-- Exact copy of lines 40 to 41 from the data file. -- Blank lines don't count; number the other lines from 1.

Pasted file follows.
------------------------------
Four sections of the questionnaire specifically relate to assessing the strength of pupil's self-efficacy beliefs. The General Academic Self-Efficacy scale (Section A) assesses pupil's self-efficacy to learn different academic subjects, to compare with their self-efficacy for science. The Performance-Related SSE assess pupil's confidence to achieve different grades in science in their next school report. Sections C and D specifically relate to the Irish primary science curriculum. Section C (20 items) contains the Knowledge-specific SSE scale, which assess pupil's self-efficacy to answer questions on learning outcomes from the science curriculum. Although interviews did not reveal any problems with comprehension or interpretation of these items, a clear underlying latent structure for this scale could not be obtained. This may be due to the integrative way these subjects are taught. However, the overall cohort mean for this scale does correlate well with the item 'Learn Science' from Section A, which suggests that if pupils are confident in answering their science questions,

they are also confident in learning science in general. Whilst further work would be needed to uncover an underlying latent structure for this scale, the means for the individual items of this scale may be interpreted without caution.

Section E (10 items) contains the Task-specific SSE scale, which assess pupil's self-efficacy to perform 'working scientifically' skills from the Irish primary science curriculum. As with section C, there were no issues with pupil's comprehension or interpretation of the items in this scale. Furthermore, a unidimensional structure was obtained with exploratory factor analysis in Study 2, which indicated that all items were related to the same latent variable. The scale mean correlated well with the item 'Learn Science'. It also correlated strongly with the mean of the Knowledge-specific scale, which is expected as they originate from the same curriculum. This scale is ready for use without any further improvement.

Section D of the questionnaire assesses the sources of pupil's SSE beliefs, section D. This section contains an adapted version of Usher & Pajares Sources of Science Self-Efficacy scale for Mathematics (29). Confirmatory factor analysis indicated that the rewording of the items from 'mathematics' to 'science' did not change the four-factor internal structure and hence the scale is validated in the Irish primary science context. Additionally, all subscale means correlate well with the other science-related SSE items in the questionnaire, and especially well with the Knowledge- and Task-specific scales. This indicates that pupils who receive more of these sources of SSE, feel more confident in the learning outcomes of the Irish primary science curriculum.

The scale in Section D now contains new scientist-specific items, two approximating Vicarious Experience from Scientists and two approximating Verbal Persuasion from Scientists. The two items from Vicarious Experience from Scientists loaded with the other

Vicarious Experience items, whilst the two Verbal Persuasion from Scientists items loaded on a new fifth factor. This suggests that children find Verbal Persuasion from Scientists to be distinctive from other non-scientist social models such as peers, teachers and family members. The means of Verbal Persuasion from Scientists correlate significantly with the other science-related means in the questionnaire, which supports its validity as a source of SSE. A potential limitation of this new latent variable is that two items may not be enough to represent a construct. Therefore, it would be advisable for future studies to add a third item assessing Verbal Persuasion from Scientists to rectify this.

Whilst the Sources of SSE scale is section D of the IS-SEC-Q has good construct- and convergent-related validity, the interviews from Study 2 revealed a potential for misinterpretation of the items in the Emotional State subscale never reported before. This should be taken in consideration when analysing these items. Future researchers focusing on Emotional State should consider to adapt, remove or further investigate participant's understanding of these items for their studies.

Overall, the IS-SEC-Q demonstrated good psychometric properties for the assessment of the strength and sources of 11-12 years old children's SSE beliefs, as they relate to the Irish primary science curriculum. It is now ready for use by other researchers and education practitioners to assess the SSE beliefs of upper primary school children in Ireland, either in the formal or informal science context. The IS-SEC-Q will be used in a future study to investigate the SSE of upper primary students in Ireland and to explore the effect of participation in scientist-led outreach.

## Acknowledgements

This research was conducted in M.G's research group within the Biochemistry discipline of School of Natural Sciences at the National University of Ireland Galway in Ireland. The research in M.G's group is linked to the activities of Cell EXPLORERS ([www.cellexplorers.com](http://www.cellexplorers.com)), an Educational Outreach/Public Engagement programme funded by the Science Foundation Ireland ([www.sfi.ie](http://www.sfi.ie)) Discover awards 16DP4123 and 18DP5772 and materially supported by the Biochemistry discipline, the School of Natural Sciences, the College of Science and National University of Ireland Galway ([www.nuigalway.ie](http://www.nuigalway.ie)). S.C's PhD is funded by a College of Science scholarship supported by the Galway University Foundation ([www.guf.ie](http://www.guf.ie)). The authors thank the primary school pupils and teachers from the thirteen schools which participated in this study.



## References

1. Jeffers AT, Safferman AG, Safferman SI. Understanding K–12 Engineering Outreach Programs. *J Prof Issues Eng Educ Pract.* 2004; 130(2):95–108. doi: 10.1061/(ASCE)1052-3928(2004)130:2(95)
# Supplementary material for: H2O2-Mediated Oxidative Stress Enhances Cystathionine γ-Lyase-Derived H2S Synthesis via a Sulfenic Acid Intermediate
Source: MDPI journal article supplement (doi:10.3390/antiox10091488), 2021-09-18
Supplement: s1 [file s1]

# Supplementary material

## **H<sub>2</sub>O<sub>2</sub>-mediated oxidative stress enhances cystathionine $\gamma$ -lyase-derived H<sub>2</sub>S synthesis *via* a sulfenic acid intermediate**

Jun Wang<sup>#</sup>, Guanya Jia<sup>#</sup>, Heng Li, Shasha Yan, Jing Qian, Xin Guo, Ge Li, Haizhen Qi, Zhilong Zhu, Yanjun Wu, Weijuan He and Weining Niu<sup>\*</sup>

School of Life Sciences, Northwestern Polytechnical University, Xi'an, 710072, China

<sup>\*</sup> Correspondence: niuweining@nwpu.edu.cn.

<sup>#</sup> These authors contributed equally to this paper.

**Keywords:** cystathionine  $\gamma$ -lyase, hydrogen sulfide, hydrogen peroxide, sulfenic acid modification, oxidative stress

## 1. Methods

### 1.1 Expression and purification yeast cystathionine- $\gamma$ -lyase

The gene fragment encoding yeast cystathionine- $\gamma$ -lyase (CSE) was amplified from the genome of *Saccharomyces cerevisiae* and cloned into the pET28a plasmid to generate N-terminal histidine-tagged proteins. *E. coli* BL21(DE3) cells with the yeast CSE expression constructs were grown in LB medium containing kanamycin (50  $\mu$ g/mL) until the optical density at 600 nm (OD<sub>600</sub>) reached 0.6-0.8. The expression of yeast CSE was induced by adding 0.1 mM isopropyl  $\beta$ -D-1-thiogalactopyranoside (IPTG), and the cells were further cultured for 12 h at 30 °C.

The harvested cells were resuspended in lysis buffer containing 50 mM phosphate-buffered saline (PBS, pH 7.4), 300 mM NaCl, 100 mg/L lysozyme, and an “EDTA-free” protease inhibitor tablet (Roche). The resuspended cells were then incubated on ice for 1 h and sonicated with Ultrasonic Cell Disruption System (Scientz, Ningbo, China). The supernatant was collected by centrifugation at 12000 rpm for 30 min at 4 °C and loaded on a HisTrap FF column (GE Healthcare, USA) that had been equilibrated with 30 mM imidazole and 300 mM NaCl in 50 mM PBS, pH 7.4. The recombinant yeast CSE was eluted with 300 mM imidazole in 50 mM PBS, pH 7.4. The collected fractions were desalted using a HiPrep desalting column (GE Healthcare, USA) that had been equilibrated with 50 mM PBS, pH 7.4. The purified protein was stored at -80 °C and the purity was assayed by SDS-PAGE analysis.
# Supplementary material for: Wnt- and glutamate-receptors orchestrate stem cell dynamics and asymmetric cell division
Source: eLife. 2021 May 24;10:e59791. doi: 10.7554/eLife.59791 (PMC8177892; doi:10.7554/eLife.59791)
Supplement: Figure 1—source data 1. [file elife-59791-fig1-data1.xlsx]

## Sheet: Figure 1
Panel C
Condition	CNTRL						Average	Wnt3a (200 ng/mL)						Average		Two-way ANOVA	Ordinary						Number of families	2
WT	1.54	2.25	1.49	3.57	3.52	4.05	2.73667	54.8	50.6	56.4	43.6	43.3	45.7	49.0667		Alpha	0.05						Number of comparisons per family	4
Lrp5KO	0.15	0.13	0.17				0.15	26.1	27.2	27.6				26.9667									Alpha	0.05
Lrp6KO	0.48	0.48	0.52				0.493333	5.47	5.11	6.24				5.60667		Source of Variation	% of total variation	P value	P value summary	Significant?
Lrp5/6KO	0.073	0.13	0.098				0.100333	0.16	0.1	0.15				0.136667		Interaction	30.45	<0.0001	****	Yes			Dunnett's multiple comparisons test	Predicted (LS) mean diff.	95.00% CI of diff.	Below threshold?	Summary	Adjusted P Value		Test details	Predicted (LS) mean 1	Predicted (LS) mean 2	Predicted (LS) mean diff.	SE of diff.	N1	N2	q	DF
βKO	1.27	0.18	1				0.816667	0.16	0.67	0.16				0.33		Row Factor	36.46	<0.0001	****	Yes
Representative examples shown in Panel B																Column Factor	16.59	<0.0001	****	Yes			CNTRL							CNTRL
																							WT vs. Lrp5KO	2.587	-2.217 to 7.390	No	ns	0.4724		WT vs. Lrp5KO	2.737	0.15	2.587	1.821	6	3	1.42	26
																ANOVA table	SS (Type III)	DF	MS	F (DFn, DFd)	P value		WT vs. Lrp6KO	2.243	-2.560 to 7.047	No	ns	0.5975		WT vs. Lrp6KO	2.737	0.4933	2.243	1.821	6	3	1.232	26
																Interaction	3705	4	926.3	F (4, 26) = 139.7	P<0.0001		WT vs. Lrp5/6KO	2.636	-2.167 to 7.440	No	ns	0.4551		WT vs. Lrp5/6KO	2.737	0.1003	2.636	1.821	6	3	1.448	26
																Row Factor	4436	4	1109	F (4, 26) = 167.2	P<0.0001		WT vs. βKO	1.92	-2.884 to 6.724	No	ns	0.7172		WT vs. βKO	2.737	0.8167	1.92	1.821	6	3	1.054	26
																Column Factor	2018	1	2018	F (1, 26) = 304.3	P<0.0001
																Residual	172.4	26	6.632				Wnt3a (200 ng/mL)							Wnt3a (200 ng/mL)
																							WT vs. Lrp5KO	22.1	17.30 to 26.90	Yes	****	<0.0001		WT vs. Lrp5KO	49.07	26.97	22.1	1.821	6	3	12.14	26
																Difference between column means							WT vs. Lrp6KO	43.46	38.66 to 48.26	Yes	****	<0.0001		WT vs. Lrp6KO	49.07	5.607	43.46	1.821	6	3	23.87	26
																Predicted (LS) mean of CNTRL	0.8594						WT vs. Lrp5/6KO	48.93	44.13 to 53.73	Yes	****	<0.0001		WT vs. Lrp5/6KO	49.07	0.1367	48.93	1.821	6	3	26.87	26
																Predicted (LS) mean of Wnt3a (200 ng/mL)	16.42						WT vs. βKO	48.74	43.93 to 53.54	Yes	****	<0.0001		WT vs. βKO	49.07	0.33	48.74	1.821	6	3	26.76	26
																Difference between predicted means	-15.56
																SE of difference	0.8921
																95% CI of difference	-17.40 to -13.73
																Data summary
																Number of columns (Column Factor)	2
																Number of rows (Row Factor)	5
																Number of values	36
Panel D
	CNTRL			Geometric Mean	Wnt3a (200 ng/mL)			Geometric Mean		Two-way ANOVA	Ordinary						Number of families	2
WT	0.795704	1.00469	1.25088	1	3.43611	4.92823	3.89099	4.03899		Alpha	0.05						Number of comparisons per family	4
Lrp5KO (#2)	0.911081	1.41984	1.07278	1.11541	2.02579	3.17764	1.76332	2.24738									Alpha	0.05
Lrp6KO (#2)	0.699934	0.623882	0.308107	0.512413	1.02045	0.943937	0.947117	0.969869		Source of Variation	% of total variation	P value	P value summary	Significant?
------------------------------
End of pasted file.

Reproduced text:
																ANOVA table	SS (Type III)	DF	MS	F (DFn, DFd)	P value		WT vs. Lrp6KO	2.243	-2.560 to 7.047	No	ns	0.5975		WT vs. Lrp6KO	2.737	0.4933	2.243	1.821	6	3	1.232	26
																Interaction	3705	4	926.3	F (4, 26) = 139.7	P<0.0001		WT vs. Lrp5/6KO	2.636	-2.167 to 7.440	No	ns	0.4551		WT vs. Lrp5/6KO	2.737	0.1003	2.636	1.821	6	3	1.448	26